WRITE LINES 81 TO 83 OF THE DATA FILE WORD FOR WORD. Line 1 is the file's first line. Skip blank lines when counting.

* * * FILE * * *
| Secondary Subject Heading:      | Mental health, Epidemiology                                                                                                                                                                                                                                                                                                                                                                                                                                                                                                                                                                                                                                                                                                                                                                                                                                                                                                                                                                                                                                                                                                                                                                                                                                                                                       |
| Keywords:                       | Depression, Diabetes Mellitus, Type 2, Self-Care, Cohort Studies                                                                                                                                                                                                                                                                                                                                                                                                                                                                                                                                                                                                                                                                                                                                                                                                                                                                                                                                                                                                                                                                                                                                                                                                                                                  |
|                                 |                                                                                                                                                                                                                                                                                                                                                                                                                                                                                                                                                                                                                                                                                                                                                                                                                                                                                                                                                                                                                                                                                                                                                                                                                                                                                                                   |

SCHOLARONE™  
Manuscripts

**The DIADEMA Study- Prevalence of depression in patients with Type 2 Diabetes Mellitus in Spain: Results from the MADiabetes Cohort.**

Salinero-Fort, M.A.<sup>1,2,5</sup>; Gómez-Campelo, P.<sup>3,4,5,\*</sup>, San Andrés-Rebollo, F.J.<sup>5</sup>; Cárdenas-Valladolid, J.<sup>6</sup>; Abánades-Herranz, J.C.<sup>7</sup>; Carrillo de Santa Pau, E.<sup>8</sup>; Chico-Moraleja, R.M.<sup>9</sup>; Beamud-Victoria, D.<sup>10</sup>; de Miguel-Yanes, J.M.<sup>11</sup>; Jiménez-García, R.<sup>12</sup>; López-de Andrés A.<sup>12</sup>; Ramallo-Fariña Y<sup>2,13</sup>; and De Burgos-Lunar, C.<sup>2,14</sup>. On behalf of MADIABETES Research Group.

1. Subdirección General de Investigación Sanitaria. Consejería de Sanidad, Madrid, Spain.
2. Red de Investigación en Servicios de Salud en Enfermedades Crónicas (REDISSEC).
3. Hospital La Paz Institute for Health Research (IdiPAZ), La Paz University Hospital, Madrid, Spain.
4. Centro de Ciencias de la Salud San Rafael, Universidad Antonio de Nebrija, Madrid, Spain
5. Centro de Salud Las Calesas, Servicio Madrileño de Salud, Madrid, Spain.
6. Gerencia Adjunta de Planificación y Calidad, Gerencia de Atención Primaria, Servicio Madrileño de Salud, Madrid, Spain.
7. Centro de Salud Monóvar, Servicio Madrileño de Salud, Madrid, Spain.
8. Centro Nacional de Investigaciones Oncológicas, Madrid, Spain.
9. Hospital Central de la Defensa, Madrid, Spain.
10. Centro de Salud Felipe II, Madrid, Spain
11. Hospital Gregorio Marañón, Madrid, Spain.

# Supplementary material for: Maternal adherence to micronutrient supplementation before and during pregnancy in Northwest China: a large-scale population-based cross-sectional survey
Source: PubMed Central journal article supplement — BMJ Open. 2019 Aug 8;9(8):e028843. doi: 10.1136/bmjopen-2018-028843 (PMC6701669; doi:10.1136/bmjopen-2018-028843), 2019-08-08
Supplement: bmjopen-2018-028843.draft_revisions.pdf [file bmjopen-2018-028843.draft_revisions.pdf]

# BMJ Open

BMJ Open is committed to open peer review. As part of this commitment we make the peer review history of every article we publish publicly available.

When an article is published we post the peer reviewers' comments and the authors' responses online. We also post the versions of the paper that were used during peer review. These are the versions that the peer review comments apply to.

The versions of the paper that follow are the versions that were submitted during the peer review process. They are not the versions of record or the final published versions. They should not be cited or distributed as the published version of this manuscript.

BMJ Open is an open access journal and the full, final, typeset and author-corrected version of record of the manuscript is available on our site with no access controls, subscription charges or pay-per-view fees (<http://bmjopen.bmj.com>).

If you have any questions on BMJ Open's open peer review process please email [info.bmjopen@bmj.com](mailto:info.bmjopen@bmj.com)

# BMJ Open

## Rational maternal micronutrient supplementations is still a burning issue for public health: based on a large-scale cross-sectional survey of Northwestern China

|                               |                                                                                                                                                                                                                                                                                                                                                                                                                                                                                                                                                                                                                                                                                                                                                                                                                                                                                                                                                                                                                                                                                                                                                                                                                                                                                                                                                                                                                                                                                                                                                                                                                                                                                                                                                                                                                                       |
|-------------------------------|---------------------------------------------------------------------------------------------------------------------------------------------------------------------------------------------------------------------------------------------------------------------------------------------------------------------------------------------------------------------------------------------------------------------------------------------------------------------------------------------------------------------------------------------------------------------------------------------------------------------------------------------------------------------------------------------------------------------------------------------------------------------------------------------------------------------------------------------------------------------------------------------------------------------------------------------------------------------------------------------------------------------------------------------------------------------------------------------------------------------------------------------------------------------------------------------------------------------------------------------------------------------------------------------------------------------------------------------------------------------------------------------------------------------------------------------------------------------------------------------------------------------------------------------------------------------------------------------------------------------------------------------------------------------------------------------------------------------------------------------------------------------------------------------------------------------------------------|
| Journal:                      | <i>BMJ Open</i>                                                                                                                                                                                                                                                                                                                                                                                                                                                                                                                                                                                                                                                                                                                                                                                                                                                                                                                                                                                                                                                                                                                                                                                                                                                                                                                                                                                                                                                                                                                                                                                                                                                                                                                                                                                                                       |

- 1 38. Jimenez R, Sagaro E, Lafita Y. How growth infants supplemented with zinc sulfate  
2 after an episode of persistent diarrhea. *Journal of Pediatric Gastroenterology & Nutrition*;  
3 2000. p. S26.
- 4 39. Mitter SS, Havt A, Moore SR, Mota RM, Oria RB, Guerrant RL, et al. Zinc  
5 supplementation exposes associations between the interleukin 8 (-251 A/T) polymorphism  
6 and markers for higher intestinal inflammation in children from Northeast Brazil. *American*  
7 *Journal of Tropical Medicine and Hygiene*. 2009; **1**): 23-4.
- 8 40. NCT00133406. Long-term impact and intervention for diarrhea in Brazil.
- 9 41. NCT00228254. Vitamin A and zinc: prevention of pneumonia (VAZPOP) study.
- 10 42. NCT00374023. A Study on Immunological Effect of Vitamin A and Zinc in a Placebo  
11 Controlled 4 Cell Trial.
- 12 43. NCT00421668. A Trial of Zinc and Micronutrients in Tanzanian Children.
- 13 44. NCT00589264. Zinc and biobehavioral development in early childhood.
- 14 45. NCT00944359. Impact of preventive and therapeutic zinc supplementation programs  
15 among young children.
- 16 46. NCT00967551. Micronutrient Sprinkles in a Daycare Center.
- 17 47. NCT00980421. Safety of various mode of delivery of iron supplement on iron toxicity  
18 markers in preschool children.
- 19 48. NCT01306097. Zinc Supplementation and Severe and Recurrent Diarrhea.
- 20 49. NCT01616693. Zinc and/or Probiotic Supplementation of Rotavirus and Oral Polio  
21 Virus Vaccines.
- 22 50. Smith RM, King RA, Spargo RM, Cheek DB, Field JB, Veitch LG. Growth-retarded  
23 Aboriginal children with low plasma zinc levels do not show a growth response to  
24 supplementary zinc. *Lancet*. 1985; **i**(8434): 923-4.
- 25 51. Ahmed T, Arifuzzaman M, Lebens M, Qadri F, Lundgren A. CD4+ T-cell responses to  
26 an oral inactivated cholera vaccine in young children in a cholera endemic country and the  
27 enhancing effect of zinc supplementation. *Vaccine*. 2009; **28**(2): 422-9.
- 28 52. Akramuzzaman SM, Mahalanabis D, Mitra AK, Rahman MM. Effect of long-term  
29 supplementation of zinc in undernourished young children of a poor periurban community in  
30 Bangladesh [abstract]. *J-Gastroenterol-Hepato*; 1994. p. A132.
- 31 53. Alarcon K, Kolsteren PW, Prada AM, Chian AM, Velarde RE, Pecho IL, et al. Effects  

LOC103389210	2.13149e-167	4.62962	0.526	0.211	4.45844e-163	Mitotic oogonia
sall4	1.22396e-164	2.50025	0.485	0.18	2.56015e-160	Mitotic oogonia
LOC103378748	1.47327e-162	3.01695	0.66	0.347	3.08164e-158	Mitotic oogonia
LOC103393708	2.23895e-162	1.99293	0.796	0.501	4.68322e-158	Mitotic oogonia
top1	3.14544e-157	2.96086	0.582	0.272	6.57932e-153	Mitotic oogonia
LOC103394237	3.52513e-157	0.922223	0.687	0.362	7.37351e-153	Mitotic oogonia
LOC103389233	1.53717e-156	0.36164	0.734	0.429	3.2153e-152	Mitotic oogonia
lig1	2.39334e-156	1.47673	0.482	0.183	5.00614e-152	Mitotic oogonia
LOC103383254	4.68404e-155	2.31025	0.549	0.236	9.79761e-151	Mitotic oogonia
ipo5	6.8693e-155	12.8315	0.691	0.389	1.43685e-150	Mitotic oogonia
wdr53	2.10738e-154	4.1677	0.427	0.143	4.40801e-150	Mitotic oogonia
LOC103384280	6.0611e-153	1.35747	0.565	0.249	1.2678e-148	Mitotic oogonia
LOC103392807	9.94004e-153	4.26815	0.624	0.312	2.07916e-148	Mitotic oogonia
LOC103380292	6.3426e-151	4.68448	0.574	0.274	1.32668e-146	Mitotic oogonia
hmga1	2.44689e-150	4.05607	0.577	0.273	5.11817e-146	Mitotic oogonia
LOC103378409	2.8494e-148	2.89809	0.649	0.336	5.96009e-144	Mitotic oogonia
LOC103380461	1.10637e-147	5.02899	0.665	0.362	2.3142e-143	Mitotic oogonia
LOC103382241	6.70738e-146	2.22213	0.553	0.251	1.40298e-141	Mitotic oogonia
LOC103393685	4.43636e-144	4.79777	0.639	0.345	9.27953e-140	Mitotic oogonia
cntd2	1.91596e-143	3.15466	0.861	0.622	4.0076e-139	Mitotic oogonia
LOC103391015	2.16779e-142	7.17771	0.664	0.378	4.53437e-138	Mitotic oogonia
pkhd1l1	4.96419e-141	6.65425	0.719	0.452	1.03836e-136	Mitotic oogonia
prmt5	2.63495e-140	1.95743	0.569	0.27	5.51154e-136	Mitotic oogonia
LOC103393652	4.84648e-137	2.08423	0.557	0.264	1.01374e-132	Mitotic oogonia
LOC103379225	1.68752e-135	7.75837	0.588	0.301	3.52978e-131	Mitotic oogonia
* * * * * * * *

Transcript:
LOC103382241	6.70738e-146	2.22213	0.553	0.251	1.40298e-141	Mitotic oogonia
LOC103393685	4.43636e-144	4.79777	0.639	0.345	9.27953e-140	Mitotic oogonia
cntd2	1.91596e-143	3.15466	0.861	0.622	4.0076e-139	Mitotic oogonia